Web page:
Much-awaited antiterrorism bill on track for deliberation
Tama Salim and Ina Parlina
The Jakarta Post
The House of Representatives has officially opened the legislation process for revising the 2003 Terrorism Law to strengthen measures to thwart growing radical propaganda.
The government initiative, which the House only formally received on Tuesday, will be discussed by lawmakers through a joint special committee composed of members of House Commission I overseeing defense and intelligence and Commission III overseeing legal affairs and security, according to House Deputy Speaker Agus Hermanto.
'The special committee will be formed very soon, but it is clear that the legal affairs and the security commissions will be on it,' Agus told reporters after the meeting.
In response to a fatal attack near the Sarinah department store in Jakarta on Jan. 14, the government has intended to strengthen measures to prevent terrorist activities in the country.
The Jakarta attack, which claimed eight lives including the four assailants, had been linked to Syria's Islamic State (IS) militant group.
The country has seen hundreds of Indonesians fleeing abroad to join the group in the war-torn country.
During a previous joint meeting by House Commissions I and III, the government outlined a new category of terrorism offenses as part of its planned revision of the counterterrorism law.
This new category would fill the gaps in current legislation, Attorney General Muhammad Prasetyo said last Monday, covering the sales of chemical, biological, radiological, micro-organism, nuclear and radioactive weapons as acts of terrorism.
The government also proposed prohibiting relations with terrorist groups abroad, as there is currently no law that can be used to incriminate Indonesians who go overseas to join such groups. The new provisions will also prohibit Indonesians from undergoing military training in other countries.
Additionally, the proposed revision also includes a ban on adopting radical Islamic values, recruiting people for terrorism purposes, sending proxies for terrorist attacks, funding terrorist movements, giving assistance to terrorist groups and committing violence in the name of terrorism, Prasetyo said.
'If we continue to use the old means, it will be hard for us to address terrorism in the future,' he said during the meeting with legislators.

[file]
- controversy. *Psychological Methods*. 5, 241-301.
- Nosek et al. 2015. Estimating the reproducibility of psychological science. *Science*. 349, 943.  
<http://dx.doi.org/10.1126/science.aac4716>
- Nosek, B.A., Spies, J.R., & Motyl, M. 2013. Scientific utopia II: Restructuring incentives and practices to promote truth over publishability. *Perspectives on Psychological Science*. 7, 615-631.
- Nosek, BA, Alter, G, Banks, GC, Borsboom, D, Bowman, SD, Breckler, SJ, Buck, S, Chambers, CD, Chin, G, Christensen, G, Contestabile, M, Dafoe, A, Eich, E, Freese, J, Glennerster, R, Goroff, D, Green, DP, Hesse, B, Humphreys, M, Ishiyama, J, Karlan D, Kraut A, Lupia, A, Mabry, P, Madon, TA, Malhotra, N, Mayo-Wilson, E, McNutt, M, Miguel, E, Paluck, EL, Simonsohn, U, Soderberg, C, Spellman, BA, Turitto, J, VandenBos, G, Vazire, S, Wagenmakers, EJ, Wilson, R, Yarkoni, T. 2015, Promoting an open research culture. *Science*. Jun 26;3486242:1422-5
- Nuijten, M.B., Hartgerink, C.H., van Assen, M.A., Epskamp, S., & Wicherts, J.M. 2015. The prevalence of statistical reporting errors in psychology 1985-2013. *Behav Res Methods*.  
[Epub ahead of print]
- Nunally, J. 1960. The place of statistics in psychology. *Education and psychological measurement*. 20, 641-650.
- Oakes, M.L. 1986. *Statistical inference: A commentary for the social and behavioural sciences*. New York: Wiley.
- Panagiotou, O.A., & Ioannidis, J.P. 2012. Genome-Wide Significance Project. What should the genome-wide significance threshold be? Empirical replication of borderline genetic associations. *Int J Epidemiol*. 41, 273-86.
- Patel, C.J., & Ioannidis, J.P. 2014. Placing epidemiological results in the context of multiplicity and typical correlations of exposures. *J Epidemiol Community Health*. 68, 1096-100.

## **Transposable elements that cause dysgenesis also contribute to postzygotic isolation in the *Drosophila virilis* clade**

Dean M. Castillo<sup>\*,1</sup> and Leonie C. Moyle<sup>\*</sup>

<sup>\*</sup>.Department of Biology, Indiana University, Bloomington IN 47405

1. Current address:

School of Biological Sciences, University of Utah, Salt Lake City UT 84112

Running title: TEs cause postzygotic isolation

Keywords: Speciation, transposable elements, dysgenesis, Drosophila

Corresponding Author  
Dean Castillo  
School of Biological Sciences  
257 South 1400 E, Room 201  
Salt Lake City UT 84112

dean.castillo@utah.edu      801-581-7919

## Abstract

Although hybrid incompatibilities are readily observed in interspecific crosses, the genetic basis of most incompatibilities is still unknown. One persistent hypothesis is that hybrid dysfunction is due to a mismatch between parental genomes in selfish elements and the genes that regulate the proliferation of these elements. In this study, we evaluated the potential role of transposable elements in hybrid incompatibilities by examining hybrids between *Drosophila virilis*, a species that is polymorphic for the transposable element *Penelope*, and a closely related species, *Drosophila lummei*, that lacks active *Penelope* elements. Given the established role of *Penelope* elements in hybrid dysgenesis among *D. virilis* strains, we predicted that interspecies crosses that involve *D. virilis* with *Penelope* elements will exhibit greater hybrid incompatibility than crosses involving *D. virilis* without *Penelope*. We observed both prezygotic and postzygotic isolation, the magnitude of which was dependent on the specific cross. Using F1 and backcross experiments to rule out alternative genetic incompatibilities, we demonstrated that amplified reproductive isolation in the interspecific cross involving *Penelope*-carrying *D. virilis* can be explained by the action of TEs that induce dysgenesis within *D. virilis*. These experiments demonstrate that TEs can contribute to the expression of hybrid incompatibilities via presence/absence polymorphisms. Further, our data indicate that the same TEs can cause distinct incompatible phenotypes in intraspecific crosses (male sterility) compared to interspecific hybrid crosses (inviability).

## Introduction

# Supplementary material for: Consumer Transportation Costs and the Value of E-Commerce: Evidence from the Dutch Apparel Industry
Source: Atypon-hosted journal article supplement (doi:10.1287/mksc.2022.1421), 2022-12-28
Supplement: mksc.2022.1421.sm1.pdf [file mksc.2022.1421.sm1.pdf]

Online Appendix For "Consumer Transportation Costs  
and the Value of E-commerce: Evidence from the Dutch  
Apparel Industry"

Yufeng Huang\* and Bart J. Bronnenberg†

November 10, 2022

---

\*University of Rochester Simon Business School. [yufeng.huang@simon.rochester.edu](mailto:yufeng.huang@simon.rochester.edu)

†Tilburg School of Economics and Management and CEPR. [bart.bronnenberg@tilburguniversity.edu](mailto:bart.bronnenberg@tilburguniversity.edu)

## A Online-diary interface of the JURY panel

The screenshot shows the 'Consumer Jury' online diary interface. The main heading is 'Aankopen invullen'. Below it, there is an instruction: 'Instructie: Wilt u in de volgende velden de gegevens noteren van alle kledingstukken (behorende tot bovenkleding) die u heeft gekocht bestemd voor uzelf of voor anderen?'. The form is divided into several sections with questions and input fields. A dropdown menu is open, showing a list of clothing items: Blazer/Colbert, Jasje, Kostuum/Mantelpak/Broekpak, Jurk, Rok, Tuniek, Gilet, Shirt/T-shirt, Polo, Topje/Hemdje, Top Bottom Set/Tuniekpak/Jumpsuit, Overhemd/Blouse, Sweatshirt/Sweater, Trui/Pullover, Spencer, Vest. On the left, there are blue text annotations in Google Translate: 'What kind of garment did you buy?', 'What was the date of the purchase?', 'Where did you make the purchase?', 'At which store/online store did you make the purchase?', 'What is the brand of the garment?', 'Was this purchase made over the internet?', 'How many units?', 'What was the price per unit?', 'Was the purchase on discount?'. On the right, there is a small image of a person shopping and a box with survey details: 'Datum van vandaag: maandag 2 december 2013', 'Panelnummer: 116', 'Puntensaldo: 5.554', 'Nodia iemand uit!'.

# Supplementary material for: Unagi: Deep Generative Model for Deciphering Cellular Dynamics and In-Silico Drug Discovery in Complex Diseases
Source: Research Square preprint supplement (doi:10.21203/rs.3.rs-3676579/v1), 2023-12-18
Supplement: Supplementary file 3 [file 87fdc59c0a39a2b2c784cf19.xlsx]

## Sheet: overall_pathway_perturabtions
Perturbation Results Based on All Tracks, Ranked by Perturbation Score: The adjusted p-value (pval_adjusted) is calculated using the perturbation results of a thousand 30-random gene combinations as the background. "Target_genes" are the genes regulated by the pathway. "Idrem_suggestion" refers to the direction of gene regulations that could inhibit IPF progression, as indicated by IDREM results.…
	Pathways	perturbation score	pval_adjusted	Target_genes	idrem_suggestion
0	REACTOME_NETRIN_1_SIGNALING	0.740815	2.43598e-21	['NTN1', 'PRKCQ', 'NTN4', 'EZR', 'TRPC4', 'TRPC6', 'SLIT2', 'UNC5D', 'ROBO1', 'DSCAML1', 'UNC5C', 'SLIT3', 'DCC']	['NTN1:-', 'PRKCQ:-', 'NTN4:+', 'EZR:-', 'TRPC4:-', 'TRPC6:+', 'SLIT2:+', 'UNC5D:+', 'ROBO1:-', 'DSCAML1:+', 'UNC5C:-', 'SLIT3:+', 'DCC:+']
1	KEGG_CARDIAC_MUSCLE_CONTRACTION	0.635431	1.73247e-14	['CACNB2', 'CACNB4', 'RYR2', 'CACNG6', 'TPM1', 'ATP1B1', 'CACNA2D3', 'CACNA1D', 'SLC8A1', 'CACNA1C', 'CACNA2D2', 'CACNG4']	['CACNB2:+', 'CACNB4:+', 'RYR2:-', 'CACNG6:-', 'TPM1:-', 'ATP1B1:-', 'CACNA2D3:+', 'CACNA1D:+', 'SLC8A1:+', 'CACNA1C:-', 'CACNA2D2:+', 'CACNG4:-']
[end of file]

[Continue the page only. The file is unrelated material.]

Coordinating Political, Legal and Security Affairs Minister Luhut Pandjaitan, who was also present at last week's meeting, said the revisions would also focus on enabling law enforcers to arrest alleged terrorists planning to carry out attacks by making use of intelligence reports.
Separately, Cabinet Secretary Pramono Anung said the amendments were essential to bring even more comprehensive preventive guidelines to the table as the threat of terrorism continues to lurk across the country.
'This can be a tool for the government to take preventive action,' he said at the State Palace on Thursday.
A recent report on IS in Indonesia, published by the Institute for Policy Analysis and Conflict (IPAC) earlier this month, revealed some gaping holes in Indonesia's current counterterrorism law, as many of citizens 'remain wary of draconian security legislation reminiscent of the authoritarian past'.
The report suggests that the government increase its focus on prevention programs, taking care to strengthen the woefully lax Indonesian prison system.
'The problem is that while attacks like those on Jan. 14 help rivet the attention of senior officials for a few weeks, other priorities inevitably take over and Indonesia slips back into taking for granted that the problem has been solved,' IPAC reports.
The draft bill would order tighter cooperation among relevant authorities such as the National Police, the Indonesian Military, the Attorney General's Office and the Supreme Court.
The government would also involve Islamic organizations, such as Indonesia's largest Muslim organizations Nahdlatul Ulama, Muhammadiyah and the Indonesian Ulema Council, to help the deradicalization programs, Luhut said.
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